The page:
The likes of Oracle, IBM, Salesforce and Adobe have for years looked in the other direction when it came to media and ad tech, but 2013 and 14 have seen that change considerably. There have been some major plays this year: most notably Oracle buying BlueKai, but Adobe and Oracle have also signed major agency deals and continue to feature heavily in the discussion of merging marketing tech with ad tech.

The ups and downs of IPOs

What a year for IPOs! I think everyone was taken aback by the volume and pace of the IPOs this year. Rubicon began strongly and gave the market some confidence. TubeMogul followed, and there was talk from DataXu as well, although that has not materialized. RocketFuel and Millennial IPO’d but to less success, and they followed Tremor and others in falling dramatically from their first-day float. Some of the business models are being questioned on the basis of market position, their real added value or even whether their businesses are built on the hard and never-ending work of the bots.

Internet of things as bought by Google

From left field comes a raft of purchases that prove the tech giants are looking well beyond the banner. (That’s dead, right?) Facebook bought Oculus Rift; slow on the social-gaming ride, Facebook simply jumped one step ahead. Google has bought into Nest, the household wireless heating/ home control system. Samsung bought Smart Things, another platform for controlling the home, and finally Google bought a drone company. There were more, but you get the idea. I recommend you read the book The Circle by Dave Eggers about a social-media company that becomes part of everything in our lives and slowly erodes privacy … Then look at some of these purchases.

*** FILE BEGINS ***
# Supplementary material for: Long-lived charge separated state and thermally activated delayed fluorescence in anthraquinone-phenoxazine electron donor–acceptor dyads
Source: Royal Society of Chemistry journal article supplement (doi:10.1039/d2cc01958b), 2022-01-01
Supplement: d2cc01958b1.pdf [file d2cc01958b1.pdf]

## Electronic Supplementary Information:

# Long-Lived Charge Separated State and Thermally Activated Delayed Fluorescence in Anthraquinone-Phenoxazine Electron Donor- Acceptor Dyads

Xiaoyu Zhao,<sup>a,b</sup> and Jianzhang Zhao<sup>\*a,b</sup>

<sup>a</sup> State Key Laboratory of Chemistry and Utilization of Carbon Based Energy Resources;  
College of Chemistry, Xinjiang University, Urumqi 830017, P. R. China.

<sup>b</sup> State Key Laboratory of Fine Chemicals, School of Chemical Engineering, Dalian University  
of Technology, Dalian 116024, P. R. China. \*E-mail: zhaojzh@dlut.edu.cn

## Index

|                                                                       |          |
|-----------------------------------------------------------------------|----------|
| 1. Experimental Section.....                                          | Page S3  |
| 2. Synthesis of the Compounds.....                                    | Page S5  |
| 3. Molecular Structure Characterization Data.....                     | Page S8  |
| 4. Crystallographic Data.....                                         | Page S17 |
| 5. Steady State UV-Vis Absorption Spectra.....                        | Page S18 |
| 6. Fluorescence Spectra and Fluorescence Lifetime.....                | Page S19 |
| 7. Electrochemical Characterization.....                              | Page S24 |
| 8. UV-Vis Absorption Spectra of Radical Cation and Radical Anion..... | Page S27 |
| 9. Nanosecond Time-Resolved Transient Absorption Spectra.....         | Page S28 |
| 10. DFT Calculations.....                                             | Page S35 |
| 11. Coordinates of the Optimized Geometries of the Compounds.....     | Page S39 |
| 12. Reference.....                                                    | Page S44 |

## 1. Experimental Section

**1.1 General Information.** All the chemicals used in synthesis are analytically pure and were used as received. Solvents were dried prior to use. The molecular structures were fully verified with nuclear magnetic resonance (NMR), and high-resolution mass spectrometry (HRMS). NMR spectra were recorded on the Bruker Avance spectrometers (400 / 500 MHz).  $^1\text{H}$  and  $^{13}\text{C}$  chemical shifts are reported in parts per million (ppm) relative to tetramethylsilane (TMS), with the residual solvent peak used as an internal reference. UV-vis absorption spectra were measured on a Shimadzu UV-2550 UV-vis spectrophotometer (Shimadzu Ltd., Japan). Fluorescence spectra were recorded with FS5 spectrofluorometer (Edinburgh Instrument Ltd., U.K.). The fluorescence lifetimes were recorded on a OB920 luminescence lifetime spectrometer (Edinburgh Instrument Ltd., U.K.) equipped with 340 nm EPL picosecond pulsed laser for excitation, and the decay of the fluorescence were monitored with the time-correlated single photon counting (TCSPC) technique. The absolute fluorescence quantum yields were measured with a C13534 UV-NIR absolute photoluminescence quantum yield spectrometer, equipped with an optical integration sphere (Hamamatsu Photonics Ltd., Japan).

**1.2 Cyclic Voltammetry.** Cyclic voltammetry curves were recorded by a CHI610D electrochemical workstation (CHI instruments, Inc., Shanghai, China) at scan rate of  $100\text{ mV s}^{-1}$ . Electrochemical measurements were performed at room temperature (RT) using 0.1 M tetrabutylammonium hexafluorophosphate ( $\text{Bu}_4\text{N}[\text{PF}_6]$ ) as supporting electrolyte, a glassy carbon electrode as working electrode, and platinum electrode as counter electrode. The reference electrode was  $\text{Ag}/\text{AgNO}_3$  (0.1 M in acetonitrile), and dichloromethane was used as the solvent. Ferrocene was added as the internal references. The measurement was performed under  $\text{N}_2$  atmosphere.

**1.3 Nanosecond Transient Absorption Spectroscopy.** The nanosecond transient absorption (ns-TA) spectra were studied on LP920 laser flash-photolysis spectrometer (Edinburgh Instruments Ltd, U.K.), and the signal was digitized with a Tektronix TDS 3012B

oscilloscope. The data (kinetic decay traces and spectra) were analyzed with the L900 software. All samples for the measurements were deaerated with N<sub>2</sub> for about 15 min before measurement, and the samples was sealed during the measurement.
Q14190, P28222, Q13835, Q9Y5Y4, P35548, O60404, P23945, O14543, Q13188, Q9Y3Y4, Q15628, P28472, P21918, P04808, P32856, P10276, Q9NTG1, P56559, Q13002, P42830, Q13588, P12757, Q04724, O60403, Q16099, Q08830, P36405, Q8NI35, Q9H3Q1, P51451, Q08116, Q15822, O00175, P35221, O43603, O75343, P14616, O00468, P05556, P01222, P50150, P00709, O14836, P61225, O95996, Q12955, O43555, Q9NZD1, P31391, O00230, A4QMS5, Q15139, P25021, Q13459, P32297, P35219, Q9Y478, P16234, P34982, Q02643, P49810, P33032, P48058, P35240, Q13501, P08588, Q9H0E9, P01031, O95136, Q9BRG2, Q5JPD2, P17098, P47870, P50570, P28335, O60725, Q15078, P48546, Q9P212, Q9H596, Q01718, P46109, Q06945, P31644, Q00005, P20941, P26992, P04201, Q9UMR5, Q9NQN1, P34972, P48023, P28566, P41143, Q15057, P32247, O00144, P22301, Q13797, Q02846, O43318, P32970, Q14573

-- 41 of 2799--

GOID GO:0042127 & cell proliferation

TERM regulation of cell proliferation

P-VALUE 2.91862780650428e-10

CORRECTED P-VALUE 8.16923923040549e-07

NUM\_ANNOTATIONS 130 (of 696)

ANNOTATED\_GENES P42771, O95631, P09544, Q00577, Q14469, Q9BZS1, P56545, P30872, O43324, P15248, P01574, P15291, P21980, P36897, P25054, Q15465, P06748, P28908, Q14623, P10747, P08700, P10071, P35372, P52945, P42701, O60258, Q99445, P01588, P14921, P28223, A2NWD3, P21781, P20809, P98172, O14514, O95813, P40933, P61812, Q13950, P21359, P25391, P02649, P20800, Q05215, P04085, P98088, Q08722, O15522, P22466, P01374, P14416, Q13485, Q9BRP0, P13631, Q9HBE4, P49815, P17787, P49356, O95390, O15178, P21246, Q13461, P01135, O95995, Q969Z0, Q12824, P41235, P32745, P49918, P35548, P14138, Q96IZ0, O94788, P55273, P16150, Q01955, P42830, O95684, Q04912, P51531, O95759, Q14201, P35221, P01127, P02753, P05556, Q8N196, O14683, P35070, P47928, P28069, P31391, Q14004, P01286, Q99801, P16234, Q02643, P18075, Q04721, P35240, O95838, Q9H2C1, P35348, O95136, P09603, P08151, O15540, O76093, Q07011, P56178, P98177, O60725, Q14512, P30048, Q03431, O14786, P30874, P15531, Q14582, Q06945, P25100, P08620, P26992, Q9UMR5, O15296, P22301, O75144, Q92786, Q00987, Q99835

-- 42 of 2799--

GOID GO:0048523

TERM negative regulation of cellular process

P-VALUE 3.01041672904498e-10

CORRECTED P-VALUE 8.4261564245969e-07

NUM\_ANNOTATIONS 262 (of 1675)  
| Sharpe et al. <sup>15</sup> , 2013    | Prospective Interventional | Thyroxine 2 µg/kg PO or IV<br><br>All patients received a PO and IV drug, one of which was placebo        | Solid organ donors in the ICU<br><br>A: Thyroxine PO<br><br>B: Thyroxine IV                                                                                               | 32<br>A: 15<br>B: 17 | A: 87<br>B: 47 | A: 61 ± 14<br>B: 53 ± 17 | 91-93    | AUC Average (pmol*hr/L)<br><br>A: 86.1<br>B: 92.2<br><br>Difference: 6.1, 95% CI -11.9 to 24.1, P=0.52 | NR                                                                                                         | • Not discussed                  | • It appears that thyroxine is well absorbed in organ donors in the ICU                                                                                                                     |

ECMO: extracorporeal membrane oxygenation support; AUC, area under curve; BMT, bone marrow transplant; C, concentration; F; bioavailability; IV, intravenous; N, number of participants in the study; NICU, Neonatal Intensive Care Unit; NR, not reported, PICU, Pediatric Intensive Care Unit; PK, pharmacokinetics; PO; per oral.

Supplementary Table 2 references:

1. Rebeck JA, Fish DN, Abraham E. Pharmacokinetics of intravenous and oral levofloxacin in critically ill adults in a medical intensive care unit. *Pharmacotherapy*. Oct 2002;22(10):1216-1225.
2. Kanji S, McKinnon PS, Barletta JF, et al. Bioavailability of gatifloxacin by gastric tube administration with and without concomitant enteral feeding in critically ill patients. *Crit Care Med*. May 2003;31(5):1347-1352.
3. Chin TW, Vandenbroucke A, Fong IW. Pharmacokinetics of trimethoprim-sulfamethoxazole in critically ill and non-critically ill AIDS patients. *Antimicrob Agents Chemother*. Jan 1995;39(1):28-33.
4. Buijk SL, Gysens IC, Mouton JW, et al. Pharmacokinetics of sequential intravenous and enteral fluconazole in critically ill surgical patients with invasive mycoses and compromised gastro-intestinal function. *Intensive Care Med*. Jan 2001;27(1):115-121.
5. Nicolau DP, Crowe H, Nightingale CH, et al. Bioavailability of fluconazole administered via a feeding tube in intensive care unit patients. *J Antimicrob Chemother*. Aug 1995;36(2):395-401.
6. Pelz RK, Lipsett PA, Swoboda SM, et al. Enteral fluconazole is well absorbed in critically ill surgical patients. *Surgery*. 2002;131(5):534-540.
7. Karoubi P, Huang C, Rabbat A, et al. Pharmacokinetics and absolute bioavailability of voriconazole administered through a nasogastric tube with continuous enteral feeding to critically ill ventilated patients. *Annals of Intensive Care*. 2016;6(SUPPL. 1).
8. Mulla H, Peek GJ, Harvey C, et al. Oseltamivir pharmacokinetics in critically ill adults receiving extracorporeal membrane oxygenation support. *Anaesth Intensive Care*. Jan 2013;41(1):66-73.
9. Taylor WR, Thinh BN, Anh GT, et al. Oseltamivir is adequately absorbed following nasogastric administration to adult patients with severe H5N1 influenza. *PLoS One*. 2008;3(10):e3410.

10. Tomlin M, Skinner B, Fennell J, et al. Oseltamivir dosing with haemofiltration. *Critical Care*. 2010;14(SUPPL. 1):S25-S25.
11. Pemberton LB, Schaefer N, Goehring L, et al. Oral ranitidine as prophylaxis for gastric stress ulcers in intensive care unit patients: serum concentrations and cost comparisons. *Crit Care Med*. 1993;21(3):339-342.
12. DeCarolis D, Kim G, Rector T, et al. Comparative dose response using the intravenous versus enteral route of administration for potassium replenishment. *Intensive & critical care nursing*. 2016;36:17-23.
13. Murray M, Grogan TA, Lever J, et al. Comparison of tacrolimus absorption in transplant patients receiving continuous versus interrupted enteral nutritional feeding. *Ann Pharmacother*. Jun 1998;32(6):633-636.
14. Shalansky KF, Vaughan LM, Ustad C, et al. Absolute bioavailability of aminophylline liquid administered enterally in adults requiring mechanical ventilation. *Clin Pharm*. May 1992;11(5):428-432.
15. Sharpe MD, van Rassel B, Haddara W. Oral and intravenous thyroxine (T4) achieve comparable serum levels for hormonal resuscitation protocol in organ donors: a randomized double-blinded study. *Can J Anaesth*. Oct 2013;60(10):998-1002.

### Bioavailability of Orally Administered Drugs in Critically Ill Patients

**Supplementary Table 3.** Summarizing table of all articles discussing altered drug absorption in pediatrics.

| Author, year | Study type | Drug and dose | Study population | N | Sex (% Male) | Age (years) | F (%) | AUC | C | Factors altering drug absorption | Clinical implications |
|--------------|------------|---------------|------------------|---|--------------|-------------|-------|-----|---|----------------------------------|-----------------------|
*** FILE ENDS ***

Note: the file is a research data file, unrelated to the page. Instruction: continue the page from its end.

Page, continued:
Marco Bertozzi is President of AOD, EMEA and North American Client Services with VivaKi.

CampaignLive US article on Advertisers missing the prize of programmatic

My piece in CampaignLive publication in the US – to see click here

How did it come to this? You can’t mention programmatic without talk about transparency, trading desks and advertisers taking it “in-house.” A part of me that would likely get fired says “Go on, then” because it will mean that advertisers spend considerable time understanding the space, in order to appreciate what is required to do this well. They will also be doing the right thing with their media — I don’t mean taking it in-house, but rather the likely improvement in execution and management of their media using the latest technology.

While in-house has been a hot topic this year, all we have right now is a lot of noise. Companies stirring up the ecosystem trying to make hay while the sun shines and consultants with minimal experience in this complex space suddenly getting the light of day. It is a real shame. I spend so much time talking fees and transparency with advertisers and so little on strategy that I truly believe they are missing the chance to make the most of this incredible opportunity.

Advertisers setting up their own programmatic operations is as sensible as Google deciding to set up an agency business and go direct to clients. “They do that,” I hear you cry! Not really. They chase revenue, and if they see that being taken by competitors they step in. Google also has tens of thousands of free sales people — they are called agencies. Clever businesses stick to what they do best. Even brands that have been working away at this for some years are still struggling to keep up.